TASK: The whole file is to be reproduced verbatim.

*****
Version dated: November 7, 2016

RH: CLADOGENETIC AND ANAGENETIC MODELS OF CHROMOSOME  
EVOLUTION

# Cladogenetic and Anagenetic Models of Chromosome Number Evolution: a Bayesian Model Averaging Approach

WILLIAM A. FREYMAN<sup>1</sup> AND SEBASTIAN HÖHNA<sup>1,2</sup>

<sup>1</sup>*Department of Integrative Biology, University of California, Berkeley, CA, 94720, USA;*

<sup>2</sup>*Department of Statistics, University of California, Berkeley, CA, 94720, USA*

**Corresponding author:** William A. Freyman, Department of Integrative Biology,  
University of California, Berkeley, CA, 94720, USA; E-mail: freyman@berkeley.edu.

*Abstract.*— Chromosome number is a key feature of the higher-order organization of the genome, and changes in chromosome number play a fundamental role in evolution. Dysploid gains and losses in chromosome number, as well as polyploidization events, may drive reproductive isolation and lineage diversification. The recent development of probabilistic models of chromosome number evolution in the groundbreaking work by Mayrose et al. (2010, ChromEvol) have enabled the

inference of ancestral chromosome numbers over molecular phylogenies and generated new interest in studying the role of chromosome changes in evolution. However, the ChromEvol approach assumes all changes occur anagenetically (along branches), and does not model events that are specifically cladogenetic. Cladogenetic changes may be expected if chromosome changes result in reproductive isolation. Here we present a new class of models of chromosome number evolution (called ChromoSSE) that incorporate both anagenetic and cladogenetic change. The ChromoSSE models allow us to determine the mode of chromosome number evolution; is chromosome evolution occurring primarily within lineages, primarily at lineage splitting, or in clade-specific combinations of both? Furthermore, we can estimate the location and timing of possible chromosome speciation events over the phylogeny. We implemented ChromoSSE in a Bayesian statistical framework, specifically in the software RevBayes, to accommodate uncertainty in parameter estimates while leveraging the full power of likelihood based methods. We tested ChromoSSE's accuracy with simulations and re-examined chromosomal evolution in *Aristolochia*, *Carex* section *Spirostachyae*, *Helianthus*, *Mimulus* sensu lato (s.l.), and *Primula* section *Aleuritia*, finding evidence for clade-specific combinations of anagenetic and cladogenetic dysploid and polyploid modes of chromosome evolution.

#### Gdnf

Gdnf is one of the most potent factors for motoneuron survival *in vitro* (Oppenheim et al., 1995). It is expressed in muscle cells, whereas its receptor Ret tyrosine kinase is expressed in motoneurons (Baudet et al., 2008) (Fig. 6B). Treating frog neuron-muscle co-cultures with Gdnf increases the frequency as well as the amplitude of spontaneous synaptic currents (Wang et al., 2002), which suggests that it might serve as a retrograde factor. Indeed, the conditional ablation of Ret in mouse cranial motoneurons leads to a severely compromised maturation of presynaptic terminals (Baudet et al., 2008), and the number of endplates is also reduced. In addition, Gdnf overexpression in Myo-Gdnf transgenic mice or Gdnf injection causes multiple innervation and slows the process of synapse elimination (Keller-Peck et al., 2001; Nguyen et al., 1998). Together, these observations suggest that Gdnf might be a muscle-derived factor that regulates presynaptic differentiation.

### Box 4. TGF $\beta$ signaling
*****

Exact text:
Version dated: November 7, 2016

RH: CLADOGENETIC AND ANAGENETIC MODELS OF CHROMOSOME  
EVOLUTION

# Cladogenetic and Anagenetic Models of Chromosome Number Evolution: a Bayesian Model Averaging Approach

WILLIAM A. FREYMAN<sup>1</sup> AND SEBASTIAN HÖHNA<sup>1,2</sup>

<sup>1</sup>*Department of Integrative Biology, University of California, Berkeley, CA, 94720, USA;*

<sup>2</sup>*Department of Statistics, University of California, Berkeley, CA, 94720, USA*

**Corresponding author:** William A. Freyman, Department of Integrative Biology,  
University of California, Berkeley, CA, 94720, USA; E-mail: freyman@berkeley.edu.

*Abstract.*— Chromosome number is a key feature of the higher-order organization of the genome, and changes in chromosome number play a fundamental role in evolution. Dysploid gains and losses in chromosome number, as well as polyploidization events, may drive reproductive isolation and lineage diversification. The recent development of probabilistic models of chromosome number evolution in the groundbreaking work by Mayrose et al. (2010, ChromEvol) have enabled the

inference of ancestral chromosome numbers over molecular phylogenies and generated new interest in studying the role of chromosome changes in evolution. However, the ChromEvol approach assumes all changes occur anagenetically (along branches), and does not model events that are specifically cladogenetic. Cladogenetic changes may be expected if chromosome changes result in reproductive isolation. Here we present a new class of models of chromosome number evolution (called ChromoSSE) that incorporate both anagenetic and cladogenetic change. The ChromoSSE models allow us to determine the mode of chromosome number evolution; is chromosome evolution occurring primarily within lineages, primarily at lineage splitting, or in clade-specific combinations of both? Furthermore, we can estimate the location and timing of possible chromosome speciation events over the phylogeny. We implemented ChromoSSE in a Bayesian statistical framework, specifically in the software RevBayes, to accommodate uncertainty in parameter estimates while leveraging the full power of likelihood based methods. We tested ChromoSSE's accuracy with simulations and re-examined chromosomal evolution in *Aristolochia*, *Carex* section *Spirostachyae*, *Helianthus*, *Mimulus* sensu lato (s.l.), and *Primula* section *Aleuritia*, finding evidence for clade-specific combinations of anagenetic and cladogenetic dysploid and polyploid modes of chromosome evolution.

#### Gdnf

Gdnf is one of the most potent factors for motoneuron survival *in vitro* (Oppenheim et al., 1995). It is expressed in muscle cells, whereas its receptor Ret tyrosine kinase is expressed in motoneurons (Baudet et al., 2008) (Fig. 6B). Treating frog neuron-muscle co-cultures with Gdnf increases the frequency as well as the amplitude of spontaneous synaptic currents (Wang et al., 2002), which suggests that it might serve as a retrograde factor. Indeed, the conditional ablation of Ret in mouse cranial motoneurons leads to a severely compromised maturation of presynaptic terminals (Baudet et al., 2008), and the number of endplates is also reduced. In addition, Gdnf overexpression in Myo-Gdnf transgenic mice or Gdnf injection causes multiple innervation and slows the process of synapse elimination (Keller-Peck et al., 2001; Nguyen et al., 1998). Together, these observations suggest that Gdnf might be a muscle-derived factor that regulates presynaptic differentiation.

### Box 4. TGF $\beta$ signaling